LEDs

Retrofits continue, even as color-changing choices challenge regulations.
Tech Review: Chris and Kathi Morrison address LEDs, focusing on retrofitting, color-fade channel letters and neon replacement.

It’s 2018 and by now every shop producing lighted signs knows about the virtues of LEDs. Truth is, electric signshops quickly jumped on the LED bandwagon, but some experienced pain along the way – inconsistent brightness, non-uniform face lighting and weather effects (heat can be a problem). Luckily, the lighting industry has addressed many of these issues. Some, however, remain – retrofitting existing illuminated signs and matching client color requirements, for example. Fortunately, we see innovations that may correct such concerns, but first we have a question: 

How many fluorescent-lamped sign cabinets remain in use today? 

We don’t know, but it’s surely a bunch. 

RETROFITTING

Regarding retrofitting with LED luminaires, originally, the process was to either rip out the sign guts and rewire everything, or just replace the entire signbox. Now, you can offer many clients an upgrade by simply ordering LED-lamped tubes as a retrofit for the original fluorescents. Refitting a maintained, fluorescent-lamp illuminated sign is easy and, in many instances, you can reuse the same receptacles. Your client receives the benefit of longer lamp life and reduced power consumption. An easy sell, right? 

Also consider LED replacements for high-intensity discharge (HID) or high-pressure sodium (HPS) lighting, with similar cost savings for your client. 

COLOR-FADE CHANNEL LETTERS

We’ve all enjoyed the full-color animated billboard displays that we see in Times Square or Las Vegas, and on a lesser scale at car dealerships, malls and casinos. What we don’t often see are channel letters that cross-fade with smooth, transitional color changes. Cool signage in the right environment is great, but beware of zoning laws that dislike signs with color changes or what some define as “movement.” Still, installing RGB LED luminaires with programmable color-change modules offers clients a unique signface and certain city entertainment districts may allow such innovations. The control unit installs just as would a standard white or solid-colored module. Instead of a white lamp, you install RGB. The real magic comes with the addition of a control console.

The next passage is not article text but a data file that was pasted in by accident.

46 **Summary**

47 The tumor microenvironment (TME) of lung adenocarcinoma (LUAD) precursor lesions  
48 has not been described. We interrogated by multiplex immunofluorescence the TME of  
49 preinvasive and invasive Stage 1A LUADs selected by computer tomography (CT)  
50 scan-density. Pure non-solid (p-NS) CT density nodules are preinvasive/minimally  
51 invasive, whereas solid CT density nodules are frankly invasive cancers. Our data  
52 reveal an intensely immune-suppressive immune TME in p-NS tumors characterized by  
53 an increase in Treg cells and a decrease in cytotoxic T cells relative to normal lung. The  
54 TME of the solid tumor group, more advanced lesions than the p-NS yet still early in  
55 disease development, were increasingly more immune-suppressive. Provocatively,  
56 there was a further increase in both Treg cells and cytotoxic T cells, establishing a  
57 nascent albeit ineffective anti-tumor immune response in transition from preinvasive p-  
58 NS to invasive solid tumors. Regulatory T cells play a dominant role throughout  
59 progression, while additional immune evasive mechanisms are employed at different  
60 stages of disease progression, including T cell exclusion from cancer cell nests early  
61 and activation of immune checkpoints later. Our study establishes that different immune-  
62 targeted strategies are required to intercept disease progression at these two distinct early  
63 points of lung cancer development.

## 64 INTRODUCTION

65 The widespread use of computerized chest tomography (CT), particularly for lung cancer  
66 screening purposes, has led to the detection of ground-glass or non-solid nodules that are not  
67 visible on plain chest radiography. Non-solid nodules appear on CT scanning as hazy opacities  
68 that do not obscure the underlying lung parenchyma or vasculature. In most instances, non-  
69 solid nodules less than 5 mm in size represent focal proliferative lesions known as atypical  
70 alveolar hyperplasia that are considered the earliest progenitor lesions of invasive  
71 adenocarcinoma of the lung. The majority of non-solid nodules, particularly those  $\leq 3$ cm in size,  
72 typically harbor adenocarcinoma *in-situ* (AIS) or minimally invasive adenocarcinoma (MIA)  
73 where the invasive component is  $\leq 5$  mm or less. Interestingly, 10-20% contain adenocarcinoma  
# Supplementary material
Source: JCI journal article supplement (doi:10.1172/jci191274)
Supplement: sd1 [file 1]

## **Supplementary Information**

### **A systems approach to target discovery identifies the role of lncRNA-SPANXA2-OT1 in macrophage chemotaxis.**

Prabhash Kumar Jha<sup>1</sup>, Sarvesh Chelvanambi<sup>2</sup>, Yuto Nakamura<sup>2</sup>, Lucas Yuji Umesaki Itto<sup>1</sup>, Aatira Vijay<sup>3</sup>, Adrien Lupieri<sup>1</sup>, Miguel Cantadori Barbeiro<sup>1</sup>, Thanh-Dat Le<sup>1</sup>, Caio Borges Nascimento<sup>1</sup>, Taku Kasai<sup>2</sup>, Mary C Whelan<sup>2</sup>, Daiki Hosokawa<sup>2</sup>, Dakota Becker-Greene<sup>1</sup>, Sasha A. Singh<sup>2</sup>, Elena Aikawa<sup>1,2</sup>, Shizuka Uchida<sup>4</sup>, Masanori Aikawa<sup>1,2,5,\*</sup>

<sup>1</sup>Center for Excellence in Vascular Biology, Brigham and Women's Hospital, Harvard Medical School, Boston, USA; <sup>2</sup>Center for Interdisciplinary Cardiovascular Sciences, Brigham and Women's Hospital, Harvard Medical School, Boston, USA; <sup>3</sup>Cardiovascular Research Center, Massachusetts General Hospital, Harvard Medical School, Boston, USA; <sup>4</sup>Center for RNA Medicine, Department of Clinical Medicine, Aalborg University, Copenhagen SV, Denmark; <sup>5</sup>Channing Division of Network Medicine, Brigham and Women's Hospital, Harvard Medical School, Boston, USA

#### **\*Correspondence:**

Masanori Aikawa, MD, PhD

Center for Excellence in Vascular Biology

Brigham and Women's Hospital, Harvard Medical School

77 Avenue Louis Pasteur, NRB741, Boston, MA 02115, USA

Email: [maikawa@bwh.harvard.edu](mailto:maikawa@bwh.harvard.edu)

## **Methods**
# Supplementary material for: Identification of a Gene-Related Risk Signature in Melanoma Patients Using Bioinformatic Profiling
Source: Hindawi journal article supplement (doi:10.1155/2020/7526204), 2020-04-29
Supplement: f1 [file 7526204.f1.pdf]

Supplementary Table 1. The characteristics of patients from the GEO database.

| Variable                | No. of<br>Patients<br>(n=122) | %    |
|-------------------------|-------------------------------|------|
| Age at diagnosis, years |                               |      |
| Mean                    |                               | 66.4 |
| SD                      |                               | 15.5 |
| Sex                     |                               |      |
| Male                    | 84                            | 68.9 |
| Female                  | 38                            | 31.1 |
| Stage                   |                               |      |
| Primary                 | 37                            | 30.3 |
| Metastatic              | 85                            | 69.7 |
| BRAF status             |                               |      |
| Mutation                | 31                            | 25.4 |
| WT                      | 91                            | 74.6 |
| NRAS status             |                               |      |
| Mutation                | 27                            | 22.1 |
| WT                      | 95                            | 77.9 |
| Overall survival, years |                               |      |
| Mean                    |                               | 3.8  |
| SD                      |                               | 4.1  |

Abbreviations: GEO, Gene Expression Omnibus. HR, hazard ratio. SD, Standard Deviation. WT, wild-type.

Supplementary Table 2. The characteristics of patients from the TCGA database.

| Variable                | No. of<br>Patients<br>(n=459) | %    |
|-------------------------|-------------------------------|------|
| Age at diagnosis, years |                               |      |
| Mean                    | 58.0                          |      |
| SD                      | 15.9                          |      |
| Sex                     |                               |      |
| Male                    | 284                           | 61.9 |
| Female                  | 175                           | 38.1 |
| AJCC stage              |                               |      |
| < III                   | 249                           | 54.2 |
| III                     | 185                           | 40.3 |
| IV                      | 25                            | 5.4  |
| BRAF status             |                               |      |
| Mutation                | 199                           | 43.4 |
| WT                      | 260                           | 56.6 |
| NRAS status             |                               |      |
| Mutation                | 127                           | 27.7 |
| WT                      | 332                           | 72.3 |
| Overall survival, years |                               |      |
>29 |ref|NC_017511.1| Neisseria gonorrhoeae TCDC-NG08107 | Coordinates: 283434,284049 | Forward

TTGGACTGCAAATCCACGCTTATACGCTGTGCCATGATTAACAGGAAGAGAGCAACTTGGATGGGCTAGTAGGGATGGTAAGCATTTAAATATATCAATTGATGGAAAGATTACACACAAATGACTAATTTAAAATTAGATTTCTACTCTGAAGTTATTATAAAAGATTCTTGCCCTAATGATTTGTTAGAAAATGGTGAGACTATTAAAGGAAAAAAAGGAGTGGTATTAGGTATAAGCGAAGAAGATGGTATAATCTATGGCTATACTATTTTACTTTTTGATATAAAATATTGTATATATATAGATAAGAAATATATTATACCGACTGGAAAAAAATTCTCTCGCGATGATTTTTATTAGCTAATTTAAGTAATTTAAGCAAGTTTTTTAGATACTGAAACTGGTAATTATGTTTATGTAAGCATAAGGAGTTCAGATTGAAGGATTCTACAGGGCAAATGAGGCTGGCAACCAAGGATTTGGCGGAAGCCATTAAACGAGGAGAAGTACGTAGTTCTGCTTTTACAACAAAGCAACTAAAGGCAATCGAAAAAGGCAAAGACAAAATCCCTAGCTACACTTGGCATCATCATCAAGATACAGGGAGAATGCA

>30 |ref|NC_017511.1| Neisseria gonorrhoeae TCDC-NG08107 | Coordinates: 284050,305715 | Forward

Controller? Sure, a controller allows you to go simple or crazy, depending upon your client’s desires and budget. A basic controller offers an uncomplicated color palette, but allows you to program transitions and hold durations. It could also change the signface color for daylight and night viewing. 

What if your client wants more? Wireless systems allow you to control the lighting from smartphones and tablets. And, remember that addressable RGB arrays can produce thousands of colors – your home television is RGB-based – as well as different patterns, from transitions to races. This can truly make your customer’s sign eye-catching. These controllers are obviously much more expensive than the simple manually configured ones, but such innovation could be the “WOW!” factor your client desires.

NEON REPLACEMENT

Another LED application is neon tube replacement. Neon offers a classic look, but it requires a designated neon shop that’s manned by glass tubing artisans. Of course, LED-rigged rope lighting can somewhat mimic neon, but frankly, the result may not be suitable for all applications. We recommend that antique neon signs, if restored, must use actual neon to preserve the originality. In other applications, the LED neon-type products appear similar and offer the benefit of low voltage and brightness.

We’re encouraged to see LEDs become even more innovative, especially in the field of color signage. And, again, note that it’s easier to find and sell retrofit solutions to clients with existing incandescent and fluorescent lamped signs. Offering a conversion as opposed to a new sign can save your clients money in the long run. Clearly, LED lamps are here to stay and a new generation of brighter, more colorful signs has arrived.

Signs of the Times November 2018

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